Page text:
Jeremy Irons

Bertolucci and a missing sense of wit

This piece is from today’s Guardian — wherein Bernardo Bertolucci responds to outrage over a 2013 interview that has been flying around the social mediascape for the past few days, and in which he describes how he and Marlon Brando worked out the famous anal rape scene with Maria Schneider in Last Tango in Paris: 

https://www.theguardian.com/film/2016/dec/05/bernardo-bertolucci-last-tango-in-paris-response-maria-schneider?utm_source=esp&utm_medium=Email&utm_campaign=Film+Today+-+automated+vB+curation&utm_term=203026&subid=6782835&CMP=ema_861a

Italian men are so funny when they lie: ridiculousness or preposterousness doesn’t even slow them down. I saw this interview and it was clear he was talking about more than just “the butter” — for why would Bertolucci feel he needs Schneider’s most genuine reaction “as a girl rather than as an actress” merely to the butter? It’s an absurd claim and it is so precisely the kind of lie Italian men come up with when frozen in the headlights of accusation that it made me laugh.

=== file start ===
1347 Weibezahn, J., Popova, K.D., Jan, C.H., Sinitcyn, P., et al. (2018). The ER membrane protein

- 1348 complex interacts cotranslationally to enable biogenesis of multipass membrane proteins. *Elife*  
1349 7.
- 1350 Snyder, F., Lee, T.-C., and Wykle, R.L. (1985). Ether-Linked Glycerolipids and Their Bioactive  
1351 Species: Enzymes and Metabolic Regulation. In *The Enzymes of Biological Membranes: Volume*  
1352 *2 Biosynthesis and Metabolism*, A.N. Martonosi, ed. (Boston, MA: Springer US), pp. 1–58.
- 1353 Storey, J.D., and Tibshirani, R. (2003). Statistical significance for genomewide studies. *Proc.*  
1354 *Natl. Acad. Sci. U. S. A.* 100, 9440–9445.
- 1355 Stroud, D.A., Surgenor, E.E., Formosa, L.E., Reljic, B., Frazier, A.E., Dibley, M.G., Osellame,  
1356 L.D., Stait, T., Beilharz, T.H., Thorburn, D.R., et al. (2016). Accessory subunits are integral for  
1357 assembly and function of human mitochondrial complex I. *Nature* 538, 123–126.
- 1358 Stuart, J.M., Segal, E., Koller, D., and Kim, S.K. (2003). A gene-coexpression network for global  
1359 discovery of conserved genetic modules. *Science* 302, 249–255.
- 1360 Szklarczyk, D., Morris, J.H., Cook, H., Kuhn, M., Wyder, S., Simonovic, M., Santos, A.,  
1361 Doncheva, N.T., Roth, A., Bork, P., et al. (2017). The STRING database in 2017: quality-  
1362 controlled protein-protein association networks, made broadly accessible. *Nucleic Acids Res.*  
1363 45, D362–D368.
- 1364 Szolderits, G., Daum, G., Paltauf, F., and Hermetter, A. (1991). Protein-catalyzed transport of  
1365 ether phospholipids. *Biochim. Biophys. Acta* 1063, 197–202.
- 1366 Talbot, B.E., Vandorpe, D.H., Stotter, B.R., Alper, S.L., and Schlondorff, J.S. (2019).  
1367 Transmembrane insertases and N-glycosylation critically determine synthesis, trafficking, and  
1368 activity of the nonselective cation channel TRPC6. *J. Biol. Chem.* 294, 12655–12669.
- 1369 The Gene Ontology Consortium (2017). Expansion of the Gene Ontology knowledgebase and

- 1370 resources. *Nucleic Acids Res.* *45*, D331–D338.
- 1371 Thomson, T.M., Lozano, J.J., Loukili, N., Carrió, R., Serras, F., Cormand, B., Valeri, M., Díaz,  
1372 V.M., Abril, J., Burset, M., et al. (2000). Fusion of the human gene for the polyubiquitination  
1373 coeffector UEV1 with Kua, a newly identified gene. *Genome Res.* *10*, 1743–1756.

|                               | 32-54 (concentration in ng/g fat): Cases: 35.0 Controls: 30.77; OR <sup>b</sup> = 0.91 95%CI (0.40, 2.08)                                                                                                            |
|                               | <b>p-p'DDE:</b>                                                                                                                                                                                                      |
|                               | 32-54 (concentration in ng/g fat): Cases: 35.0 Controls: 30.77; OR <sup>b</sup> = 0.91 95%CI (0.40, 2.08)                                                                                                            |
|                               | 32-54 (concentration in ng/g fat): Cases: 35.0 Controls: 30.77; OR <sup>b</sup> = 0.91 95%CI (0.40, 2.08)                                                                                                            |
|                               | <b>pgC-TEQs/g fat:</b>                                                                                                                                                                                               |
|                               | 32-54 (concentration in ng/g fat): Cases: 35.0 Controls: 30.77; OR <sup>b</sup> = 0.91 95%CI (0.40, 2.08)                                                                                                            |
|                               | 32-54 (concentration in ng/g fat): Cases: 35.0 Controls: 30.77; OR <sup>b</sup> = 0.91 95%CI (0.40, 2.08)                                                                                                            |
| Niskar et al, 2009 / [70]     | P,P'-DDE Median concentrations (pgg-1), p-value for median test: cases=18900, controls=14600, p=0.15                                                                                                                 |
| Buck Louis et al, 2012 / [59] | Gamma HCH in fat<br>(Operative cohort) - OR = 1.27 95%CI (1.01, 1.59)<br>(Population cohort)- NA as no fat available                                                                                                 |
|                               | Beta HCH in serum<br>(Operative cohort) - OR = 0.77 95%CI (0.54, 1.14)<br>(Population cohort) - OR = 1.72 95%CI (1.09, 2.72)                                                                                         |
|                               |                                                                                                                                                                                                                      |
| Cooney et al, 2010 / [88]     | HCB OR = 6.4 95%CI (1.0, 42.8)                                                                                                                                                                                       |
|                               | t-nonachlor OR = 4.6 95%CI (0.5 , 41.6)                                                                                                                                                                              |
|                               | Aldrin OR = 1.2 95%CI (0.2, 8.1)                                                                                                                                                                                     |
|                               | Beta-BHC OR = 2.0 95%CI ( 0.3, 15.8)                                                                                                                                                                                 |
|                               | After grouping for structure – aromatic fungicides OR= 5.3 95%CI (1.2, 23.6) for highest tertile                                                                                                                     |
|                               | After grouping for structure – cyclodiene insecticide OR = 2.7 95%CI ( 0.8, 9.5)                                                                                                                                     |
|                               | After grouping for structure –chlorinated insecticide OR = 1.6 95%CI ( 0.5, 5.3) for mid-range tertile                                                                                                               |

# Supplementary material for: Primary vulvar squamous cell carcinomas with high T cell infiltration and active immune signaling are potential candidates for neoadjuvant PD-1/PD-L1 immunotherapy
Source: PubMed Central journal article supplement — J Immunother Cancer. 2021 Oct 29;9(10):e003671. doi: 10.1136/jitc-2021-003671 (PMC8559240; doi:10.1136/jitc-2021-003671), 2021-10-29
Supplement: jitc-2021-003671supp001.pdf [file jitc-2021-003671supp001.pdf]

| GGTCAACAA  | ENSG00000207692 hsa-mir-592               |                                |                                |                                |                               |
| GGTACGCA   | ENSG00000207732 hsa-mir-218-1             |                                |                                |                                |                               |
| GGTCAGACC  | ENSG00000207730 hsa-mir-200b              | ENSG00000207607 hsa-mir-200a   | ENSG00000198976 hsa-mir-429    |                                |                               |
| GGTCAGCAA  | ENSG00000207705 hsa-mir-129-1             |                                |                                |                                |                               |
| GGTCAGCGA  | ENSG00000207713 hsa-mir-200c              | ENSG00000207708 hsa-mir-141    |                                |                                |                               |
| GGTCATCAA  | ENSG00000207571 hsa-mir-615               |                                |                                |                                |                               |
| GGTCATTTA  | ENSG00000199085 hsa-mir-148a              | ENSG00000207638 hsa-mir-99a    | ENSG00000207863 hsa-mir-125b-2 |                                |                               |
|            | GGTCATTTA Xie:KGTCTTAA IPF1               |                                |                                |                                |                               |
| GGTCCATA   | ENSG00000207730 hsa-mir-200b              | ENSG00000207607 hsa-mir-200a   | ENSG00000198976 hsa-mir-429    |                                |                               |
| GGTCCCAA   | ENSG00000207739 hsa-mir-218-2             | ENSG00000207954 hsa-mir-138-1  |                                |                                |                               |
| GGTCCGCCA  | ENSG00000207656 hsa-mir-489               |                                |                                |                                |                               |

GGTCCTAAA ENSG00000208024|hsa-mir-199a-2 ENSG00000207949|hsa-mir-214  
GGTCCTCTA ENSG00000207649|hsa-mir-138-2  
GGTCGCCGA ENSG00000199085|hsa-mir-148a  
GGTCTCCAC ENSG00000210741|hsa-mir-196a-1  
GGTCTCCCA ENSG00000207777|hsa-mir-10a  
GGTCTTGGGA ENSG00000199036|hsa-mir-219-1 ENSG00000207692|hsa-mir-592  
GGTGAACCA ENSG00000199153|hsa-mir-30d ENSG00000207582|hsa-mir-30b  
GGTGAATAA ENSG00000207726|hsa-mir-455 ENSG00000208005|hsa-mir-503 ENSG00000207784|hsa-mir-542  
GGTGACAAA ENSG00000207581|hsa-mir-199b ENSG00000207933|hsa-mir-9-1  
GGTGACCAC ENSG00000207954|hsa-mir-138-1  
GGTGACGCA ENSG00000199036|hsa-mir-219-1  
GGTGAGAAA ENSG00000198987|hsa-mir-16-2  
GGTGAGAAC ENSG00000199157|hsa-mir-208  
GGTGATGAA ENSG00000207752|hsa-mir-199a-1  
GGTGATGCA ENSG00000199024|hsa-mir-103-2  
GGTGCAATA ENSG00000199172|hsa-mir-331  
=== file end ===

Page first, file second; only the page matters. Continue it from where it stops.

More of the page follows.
Bertolucci’s declaration, which he made in the televised interview, that he wanted Schneider’s “genuine” reaction, demonstrates after a lifetime in film either that he knows nothing of acting or that he thought she was no good and was there mostly for her tits. I’ve never liked Bertolucci as a director — he is a lugubrious filmmaker, and the only picture of his that I experienced sustained pleasure in watching was the one written by Susan Minot, called Stealing Beauty, with Liv Tyler and the wonderful Sinéad Cusack and Jeremy Irons and a bunch of other good actors. I attribute every moment of lightness and grace in that film to Minot, to the actors, and to the Tuscan light, because Bertolucci is incapable of lightness or grace in every other picture of his that I’ve seen. There is a telling set of scenes in THE DREAMER when the three young people hanging out (and acting oddly millennial) in Paris in ’68 together reënact a moment from Godard’s Bande à part. Just after, Bertolucci drops in a couple of quick cuts from the actual Godard movie and in the first nano-second that the Godard film is on screen instead of Bertolucci’s you feel an immediate lift, a relief. What you realize is that in Godard you see a filmmaker of greater intelligence and the intelligence expresses itself most obviously and specifically in his having a sense of humor, which Bertolucci simply does not. It takes only a few seconds to perceive this. 

But I still love Brando. No Matter What.